Five 90s Sitcoms All Black Girls Should Watch

Like most black girls, I grew up seeing very little of myself on television. Women of color tended to be the outgoing best-friend, the stereotypical round and friendly neighbour, the sidekick, etc. These characters never had any agency other than being the “other”. It did not sit well with me. After overdosing on the same narrative, I decided to seek refuge in all-black cast television shows and it changed my life. The shows listed here have complex characters where black women are not a copy-pasted version of the same archetypes. I found solace in them. I recognized myself, my girlfriends, my mother, my sister and all my long-lost queens. In these series, the black girl is not the other, she simply is.

Living Single

The show is set in Brooklyn in the nineties and follows the lives of six friends and roommates as they navigate important shifts in their relationships, careers and personal growth. Living Single displays the importance of black female camaraderie at every stage of our lives. The four female characters (Maxine, Khadija, Regine and Synclaire) have different dating approaches, different goals and aspirations in life and the various seasons explore how these points change as they grow and become the women they want to be.  


As discussed in a previous article, Girlfriends is a pure gem when it comes to relationship wisdom. The show focuses on the life of four women (Joan, Toni, Maya and Lynn), but it also introduces many secondary female characters to explore different dating dynamics that are not represented through the main characters’ storyline. Although the four women have a great friendship, the show approaches the different conflicts and complications that friendships may endure: mental health, religious differences, financial struggles and so on. All in all, it does a good job at depicting long-term friendships transparently and educationally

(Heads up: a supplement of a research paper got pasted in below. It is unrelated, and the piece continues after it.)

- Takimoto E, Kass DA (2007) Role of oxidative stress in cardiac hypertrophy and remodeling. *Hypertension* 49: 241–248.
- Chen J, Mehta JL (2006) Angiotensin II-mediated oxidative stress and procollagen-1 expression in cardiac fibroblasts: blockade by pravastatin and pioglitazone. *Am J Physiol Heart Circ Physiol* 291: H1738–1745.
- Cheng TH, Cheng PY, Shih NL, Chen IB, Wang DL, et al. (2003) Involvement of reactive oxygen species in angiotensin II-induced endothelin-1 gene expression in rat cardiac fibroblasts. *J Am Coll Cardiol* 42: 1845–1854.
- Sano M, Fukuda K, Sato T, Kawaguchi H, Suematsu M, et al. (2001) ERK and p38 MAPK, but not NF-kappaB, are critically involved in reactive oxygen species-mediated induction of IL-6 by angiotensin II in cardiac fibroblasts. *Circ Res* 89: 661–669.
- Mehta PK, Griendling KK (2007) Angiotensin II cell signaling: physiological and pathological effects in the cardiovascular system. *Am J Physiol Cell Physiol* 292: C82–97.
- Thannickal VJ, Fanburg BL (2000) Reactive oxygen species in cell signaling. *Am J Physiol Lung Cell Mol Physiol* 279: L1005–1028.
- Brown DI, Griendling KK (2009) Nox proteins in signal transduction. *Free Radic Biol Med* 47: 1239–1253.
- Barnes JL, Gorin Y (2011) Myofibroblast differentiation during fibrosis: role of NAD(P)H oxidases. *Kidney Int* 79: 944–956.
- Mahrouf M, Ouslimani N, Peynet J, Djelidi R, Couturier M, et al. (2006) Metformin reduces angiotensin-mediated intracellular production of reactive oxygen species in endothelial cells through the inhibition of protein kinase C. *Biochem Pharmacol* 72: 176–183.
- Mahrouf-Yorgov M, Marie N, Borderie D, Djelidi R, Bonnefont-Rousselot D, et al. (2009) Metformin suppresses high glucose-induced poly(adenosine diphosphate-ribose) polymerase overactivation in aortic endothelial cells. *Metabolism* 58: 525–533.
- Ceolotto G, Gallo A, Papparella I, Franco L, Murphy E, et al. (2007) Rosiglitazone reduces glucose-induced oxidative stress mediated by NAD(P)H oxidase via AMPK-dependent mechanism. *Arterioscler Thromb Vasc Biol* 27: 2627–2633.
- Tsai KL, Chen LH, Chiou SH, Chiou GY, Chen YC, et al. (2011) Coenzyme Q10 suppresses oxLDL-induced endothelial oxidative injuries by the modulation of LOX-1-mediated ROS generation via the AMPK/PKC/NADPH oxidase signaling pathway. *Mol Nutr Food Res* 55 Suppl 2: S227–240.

A Different World

The show is set in the late eighties and early nighties and focuses on the lives of college students in a fictitious HBCU called Hillman University.  What is most precious about this show is the diversity of background within the cast: although all the women and men are black, they have different stories, different struggles, different passions and interests. A different world helped expand black identity by showing how diverse we were within our race. Although the show was very light-hearted, it showcased real-life dilemmas like finding a job after graduation, escaping an abusive relationship, handling police brutality and racial profiling, and so on.


Martin ran from 1992 and 1997 and gave us the funniest African-American on-screen romance. The relationship between Gina and Martin became goals for everyone who viewed the show. With the dichotomy of their background, the show explored class, gender and race altogether. The friendship between Gina and Pamela is my favourite part of the show. Often, a lot of shows enjoy deconstructing female friendship and add jealousy and unhealthy competition to the mix, but not Martin. Gina and Pamela were partners and worked with each other very well. They were respectful of each other’s lane and showed true happiness for each other’s successes. Plus, their outfits were way ahead of their time!


Although Moesha is more of a teen sitcom, it is still filled with wisdom and truths we can apply in our young adults’ lives. Moesha is a high-school student juggling her active social life and her household responsibilities all while still trying to maintain and find who she is. At home, she is learning to accept her parents’ separation and the presence of a new woman in her father’s life. In her dating life, she is often torn between the comfort of a steady relationship and the excitement of a passionate rollercoaster lover. Through her adventures, we learn about what is like to find our voice despite external expectations.